It is often the case that when a Georgia resident cannot get ahead of their overwhelming debts that they may turn to bankruptcy as a means of getting themselves back on the right financial path. There are two main forms of bankruptcy that individuals generally decide between when their debts are the result of personal financial management – Chapter 7 and Chapter 13 – and this post will focus on one of the most significant components of one of those processes.
In Chapter 13 bankruptcy a person is asked to create a repayment plan. On its face a repayment plan is exactly what it sounds like. It is a schedule of when and how much money a debtor will be able to provide to their creditors over time so that they may eventually satisfy their obligations.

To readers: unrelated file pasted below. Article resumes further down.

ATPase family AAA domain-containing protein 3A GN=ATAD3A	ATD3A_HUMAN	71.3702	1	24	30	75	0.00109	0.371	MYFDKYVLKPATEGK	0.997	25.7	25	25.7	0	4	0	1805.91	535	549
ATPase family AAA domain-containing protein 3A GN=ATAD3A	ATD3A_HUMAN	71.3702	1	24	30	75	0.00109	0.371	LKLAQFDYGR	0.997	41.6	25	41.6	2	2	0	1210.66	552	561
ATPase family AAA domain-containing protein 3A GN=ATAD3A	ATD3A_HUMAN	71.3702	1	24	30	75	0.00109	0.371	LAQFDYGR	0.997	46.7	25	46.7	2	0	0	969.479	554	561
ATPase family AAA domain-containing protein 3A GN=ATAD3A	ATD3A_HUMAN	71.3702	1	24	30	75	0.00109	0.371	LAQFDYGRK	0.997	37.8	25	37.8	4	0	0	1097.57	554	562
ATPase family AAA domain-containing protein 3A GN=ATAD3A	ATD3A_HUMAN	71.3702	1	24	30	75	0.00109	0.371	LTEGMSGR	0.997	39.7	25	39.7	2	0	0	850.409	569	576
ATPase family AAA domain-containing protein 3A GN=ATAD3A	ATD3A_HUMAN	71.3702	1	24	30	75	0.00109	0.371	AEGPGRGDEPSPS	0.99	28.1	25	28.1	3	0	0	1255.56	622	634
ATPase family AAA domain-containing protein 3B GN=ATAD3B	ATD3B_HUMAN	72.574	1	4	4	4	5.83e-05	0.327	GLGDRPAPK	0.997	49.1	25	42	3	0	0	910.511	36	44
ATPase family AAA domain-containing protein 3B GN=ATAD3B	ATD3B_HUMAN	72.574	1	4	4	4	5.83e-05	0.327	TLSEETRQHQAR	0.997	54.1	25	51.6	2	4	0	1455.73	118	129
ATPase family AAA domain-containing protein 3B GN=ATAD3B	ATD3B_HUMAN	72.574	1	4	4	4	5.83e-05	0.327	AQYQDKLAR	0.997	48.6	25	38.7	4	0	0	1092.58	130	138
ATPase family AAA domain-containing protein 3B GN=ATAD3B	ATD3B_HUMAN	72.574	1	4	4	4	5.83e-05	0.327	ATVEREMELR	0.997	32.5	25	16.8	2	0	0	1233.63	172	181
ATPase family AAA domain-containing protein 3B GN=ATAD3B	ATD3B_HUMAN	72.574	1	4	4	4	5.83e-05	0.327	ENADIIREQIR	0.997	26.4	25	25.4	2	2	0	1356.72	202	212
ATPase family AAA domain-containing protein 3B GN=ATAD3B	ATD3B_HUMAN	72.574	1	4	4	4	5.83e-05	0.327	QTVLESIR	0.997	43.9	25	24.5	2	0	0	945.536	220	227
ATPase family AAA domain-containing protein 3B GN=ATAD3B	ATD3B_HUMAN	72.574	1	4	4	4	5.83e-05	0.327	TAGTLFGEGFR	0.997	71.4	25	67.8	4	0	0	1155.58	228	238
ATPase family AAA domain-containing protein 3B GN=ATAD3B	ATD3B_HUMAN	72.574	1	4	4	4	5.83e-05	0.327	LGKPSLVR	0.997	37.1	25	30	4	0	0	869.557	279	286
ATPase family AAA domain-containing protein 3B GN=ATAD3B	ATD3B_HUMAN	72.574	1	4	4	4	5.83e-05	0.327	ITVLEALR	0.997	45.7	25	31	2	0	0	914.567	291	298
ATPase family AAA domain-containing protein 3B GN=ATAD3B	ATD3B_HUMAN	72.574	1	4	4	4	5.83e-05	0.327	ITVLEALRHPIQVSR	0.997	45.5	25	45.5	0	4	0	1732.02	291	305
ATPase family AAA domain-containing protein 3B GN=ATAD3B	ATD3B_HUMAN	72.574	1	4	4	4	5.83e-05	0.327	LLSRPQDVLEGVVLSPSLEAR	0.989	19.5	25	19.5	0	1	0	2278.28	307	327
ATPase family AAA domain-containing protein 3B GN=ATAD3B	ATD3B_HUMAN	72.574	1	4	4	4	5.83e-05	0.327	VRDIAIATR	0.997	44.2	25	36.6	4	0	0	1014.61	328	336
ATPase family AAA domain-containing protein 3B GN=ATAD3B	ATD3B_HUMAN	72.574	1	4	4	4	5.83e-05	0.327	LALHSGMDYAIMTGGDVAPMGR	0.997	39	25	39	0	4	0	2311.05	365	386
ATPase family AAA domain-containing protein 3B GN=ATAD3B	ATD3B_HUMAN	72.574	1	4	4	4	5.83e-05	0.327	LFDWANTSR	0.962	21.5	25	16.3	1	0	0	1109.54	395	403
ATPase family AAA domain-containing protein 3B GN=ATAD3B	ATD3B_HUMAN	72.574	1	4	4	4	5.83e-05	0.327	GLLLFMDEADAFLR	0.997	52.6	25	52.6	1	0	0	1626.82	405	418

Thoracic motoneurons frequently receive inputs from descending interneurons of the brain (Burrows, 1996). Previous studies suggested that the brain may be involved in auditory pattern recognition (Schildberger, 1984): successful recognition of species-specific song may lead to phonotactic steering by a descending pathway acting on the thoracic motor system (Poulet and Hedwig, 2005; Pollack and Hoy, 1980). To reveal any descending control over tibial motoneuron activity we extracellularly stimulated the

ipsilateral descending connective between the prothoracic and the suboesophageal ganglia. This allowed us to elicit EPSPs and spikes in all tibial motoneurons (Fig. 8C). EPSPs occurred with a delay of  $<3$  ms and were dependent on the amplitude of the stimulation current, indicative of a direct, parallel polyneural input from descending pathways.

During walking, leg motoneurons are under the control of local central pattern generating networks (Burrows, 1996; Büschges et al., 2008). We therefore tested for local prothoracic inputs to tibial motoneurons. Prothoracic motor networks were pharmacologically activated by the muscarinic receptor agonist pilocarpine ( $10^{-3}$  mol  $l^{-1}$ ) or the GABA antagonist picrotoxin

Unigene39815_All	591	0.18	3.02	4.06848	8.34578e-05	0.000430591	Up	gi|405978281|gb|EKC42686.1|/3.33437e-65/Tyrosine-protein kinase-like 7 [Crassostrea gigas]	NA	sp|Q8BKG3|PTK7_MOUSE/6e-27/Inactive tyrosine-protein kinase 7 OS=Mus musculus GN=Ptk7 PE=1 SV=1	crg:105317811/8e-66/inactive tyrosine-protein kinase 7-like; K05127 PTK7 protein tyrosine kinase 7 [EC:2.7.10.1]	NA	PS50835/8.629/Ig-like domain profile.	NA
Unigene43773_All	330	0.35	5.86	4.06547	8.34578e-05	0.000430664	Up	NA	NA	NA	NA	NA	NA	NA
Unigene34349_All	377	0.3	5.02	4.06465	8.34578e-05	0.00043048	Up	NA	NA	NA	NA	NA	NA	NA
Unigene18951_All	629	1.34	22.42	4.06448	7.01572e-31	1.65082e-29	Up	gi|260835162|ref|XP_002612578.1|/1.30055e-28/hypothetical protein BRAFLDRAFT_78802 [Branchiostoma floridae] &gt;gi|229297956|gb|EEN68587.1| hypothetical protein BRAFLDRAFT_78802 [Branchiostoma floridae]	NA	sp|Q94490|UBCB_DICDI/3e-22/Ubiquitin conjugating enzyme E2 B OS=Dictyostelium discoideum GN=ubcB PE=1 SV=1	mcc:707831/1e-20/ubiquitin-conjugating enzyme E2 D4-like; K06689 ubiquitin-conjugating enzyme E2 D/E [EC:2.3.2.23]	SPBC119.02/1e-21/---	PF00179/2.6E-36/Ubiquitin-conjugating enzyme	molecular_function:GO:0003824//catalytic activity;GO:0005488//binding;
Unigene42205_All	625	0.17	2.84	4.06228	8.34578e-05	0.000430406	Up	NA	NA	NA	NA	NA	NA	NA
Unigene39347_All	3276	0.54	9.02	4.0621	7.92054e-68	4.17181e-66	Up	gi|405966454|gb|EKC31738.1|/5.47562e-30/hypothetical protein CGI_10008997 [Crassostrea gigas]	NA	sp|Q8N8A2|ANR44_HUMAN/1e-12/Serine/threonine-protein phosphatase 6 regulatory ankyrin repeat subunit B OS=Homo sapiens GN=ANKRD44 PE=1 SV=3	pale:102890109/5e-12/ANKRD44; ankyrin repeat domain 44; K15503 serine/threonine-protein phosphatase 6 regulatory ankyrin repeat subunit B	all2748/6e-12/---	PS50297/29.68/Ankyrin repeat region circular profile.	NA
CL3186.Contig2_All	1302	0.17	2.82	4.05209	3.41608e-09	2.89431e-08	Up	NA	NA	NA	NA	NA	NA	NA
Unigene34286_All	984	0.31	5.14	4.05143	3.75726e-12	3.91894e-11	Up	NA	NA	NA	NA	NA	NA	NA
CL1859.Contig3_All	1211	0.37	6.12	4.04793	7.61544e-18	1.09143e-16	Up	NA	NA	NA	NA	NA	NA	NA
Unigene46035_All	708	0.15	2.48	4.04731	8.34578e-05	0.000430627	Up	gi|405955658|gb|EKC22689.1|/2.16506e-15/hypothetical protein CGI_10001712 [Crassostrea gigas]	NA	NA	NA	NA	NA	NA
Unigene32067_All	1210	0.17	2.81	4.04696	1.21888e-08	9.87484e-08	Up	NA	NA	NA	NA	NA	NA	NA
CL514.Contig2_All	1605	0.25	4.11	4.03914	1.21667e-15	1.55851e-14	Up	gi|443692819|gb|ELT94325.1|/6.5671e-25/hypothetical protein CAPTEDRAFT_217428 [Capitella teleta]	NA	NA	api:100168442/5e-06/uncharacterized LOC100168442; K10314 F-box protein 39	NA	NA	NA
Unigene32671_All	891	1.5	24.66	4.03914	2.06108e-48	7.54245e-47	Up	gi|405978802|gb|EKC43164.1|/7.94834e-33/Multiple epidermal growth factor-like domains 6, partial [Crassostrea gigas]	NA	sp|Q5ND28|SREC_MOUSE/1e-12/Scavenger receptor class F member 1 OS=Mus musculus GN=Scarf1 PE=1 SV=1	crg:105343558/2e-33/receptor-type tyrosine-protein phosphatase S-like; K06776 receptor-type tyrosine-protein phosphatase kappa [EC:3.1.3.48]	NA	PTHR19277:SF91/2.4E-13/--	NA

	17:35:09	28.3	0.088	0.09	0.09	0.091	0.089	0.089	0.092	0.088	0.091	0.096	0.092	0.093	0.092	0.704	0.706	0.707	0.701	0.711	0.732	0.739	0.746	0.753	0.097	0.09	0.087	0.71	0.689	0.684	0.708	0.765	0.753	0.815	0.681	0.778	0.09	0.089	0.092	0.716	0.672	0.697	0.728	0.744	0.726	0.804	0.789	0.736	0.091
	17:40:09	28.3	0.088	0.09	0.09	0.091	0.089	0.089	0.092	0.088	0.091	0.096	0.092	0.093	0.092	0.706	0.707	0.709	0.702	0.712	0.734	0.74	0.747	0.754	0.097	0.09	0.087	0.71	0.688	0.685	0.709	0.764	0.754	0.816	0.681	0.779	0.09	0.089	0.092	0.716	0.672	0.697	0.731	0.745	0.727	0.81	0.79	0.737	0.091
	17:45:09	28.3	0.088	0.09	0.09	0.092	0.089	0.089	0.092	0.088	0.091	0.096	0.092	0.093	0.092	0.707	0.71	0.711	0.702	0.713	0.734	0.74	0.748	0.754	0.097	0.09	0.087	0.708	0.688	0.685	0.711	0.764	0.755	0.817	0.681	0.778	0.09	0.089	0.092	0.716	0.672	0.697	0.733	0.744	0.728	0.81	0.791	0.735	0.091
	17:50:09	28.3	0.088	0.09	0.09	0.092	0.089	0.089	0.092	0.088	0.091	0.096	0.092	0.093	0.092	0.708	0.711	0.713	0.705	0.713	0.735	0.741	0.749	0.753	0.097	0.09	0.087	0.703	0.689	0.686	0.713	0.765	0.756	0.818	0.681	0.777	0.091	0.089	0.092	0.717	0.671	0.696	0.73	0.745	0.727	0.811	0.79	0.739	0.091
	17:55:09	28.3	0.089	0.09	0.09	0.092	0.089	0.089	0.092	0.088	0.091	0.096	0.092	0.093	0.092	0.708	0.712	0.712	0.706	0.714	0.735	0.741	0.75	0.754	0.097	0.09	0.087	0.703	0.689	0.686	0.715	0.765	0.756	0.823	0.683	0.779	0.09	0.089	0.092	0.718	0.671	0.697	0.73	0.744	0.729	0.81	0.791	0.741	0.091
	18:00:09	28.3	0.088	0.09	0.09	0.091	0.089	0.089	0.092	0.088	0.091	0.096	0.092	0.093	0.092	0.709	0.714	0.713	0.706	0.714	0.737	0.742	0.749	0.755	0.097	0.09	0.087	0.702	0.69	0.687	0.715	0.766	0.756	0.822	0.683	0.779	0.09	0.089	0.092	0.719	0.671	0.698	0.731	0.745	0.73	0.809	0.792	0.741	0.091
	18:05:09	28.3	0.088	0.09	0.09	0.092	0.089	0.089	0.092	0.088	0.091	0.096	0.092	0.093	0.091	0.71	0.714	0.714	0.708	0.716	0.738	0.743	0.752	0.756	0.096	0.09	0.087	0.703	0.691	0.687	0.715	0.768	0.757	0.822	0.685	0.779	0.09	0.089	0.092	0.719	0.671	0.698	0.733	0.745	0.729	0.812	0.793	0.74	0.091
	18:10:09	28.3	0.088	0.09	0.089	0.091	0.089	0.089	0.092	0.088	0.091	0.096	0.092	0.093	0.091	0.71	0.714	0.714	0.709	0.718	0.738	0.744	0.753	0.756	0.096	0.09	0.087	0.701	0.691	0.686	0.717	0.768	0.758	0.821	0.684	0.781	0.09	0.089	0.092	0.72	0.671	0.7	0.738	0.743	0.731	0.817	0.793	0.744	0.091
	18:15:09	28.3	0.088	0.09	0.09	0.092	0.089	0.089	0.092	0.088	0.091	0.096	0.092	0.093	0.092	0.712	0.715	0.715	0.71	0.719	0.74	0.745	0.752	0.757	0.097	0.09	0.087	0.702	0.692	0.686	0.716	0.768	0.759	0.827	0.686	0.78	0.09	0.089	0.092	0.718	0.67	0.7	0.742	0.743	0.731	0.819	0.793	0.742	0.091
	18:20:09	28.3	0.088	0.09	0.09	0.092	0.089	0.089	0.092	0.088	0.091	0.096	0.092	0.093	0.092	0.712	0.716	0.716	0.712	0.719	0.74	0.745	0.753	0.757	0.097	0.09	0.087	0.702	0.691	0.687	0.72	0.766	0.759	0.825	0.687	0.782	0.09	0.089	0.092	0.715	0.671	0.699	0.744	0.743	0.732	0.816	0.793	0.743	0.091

However, there is much more to a repayment plan than just that. For example, within a repayment plan a debtor must identify and prioritize certain creditors over others. Priority claims must be paid off first, and secured claims must be given status of repayment over unsecured claims. In order to use Chapter 13 bankruptcy and its repayment plan structure to get out of debt a person must have sufficient disposable income to stick to the plan that they have created.
Individual repayment plans under Chapter 13 bankruptcy can take on different forms depending upon the debts a person holds and the income that they are able to dedicate to repayment. Bankruptcy lawyers can help their clients prepare and submit repayment plans that address their financial liabilities and support their efforts to become debt free.